I often think in music. I live my daydreams in music. I see my life in terms of music. Reading after a certain age diverts the mind too much from its creative pursuits. Any man who reads too much and uses his own brain too little falls into lazy habits of thinking, just as the man who spends too much time in the theater is tempted to be content with living vicariously instead of living his own life.
Our time is Gothic in its spirit. Unlike the Renaissance, it is not dominated by a few outstanding personalities. The twentieth century has established the democracy of the intellect.
In the republic of art and science there are many men who take an equally important part in the intellectual movements of our age. It is the epoch rather than the individual that is important. There is no one dominant personality like Galileo or Newton. Even in the nineteenth century there were still a few giants who outtopped all others. Today the general level is much higher than ever before in the history of the world, but there are few men whose stature immediately sets them apart from all others.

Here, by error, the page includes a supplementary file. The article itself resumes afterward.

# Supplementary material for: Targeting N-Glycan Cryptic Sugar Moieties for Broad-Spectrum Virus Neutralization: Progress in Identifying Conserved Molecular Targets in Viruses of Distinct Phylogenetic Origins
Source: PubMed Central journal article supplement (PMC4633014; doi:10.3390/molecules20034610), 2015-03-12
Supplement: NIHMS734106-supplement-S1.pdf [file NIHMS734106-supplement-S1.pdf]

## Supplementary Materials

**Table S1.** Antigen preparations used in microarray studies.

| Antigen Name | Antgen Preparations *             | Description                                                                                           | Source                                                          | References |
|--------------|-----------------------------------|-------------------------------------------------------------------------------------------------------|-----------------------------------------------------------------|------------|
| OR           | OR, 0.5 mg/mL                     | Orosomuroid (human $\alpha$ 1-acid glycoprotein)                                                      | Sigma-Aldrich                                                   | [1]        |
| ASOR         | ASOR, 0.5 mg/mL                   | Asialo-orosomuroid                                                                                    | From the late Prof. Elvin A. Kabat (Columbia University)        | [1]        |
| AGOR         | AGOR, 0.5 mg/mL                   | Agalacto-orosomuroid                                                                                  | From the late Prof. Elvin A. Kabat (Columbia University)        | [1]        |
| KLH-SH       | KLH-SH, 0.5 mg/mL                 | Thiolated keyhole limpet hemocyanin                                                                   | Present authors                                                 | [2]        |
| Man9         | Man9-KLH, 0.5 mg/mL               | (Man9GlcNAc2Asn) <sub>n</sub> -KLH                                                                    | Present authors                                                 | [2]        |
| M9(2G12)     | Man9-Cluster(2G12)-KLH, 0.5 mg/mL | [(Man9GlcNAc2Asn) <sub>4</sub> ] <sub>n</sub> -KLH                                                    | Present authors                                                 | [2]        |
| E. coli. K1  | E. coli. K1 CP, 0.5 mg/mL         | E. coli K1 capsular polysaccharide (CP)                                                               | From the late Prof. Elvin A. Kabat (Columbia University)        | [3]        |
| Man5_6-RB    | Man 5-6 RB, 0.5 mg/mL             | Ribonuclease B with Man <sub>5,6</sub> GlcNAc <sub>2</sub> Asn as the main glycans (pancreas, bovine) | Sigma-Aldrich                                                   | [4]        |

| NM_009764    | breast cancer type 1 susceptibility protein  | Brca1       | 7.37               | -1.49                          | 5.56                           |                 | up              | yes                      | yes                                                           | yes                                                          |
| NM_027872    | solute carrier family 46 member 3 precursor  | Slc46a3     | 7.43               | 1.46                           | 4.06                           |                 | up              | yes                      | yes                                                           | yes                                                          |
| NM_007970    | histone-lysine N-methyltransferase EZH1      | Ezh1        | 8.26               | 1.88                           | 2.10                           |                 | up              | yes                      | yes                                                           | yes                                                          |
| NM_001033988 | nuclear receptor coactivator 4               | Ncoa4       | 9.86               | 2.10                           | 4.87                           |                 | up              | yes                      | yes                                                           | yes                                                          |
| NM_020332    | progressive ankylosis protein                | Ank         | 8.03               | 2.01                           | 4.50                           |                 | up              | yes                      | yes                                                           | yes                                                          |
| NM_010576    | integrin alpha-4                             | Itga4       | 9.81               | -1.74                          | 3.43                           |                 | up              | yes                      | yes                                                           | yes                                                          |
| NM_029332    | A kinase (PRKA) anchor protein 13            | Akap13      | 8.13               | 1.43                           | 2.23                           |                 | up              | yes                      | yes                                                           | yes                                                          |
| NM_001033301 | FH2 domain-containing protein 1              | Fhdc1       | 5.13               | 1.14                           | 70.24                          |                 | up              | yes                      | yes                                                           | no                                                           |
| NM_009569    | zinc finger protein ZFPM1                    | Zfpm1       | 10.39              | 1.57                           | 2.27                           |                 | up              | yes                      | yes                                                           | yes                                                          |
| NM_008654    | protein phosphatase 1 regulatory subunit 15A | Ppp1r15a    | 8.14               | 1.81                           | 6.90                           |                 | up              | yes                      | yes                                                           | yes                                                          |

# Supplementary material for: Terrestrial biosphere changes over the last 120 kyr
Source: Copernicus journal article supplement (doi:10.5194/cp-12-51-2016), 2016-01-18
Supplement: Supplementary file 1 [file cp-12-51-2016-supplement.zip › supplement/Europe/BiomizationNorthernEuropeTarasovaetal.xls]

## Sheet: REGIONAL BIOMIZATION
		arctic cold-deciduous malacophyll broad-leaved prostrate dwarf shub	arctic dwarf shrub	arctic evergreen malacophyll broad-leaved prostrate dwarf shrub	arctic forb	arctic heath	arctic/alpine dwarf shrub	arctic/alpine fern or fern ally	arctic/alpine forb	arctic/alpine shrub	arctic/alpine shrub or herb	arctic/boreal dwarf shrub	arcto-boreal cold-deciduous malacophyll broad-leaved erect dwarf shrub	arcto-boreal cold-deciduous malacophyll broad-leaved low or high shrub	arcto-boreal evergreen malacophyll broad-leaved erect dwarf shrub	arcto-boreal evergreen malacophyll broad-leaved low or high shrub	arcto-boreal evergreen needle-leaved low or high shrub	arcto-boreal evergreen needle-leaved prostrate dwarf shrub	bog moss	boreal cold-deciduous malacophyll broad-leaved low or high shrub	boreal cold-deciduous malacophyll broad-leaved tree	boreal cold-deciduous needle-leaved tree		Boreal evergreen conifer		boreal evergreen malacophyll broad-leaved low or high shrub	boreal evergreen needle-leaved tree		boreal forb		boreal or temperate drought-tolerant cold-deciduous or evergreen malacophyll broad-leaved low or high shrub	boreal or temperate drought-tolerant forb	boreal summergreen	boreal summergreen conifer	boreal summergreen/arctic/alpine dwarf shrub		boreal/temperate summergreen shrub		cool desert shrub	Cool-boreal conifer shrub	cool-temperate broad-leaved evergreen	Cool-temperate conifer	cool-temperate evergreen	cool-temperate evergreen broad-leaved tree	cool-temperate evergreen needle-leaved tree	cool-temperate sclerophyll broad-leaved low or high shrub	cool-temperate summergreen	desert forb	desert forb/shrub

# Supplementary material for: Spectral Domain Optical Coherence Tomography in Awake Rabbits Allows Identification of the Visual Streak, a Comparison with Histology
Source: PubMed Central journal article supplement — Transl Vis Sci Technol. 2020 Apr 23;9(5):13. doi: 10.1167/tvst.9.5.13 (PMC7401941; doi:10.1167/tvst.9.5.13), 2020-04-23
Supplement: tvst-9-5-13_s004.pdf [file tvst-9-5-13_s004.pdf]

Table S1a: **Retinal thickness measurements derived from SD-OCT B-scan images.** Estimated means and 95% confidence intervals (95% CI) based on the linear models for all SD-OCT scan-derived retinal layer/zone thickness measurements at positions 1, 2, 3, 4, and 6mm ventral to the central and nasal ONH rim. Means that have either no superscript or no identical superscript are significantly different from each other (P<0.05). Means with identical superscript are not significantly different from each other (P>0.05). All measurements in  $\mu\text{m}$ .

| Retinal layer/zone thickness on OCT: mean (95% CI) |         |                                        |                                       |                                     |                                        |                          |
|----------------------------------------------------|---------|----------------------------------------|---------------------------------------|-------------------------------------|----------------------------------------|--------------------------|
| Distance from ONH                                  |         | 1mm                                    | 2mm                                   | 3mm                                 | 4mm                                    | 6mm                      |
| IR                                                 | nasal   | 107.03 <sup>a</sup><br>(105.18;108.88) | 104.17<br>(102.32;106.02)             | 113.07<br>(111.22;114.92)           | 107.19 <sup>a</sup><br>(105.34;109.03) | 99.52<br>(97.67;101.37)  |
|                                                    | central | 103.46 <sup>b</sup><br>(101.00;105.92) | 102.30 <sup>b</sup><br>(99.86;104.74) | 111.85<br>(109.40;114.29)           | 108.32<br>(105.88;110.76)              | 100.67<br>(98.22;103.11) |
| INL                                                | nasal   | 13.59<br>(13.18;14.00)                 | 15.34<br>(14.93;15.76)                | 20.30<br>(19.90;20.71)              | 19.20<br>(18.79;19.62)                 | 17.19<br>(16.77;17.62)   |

In America, more than anywhere else, the individual is lost in the achievements of the many. America is beginning to be the world leader in scientific investigation.
American scholarship is both patient and inspiring. The Americans show an unselfish devotion to science, which is the very opposite of the conventional European view of your countrymen. Too many of us look upon Americans as dollar chasers. This is a cruel libel, even if it is reiterated thoughtlessly by the Americans themselves.
It is not true that the dollar is an American fetish. The American student is not interested in dollars, not even in success as such, but in his task, the object of the search. It is his painstaking application to the study of the infinitely little and the infinitely large which accounts for his success in astronomy.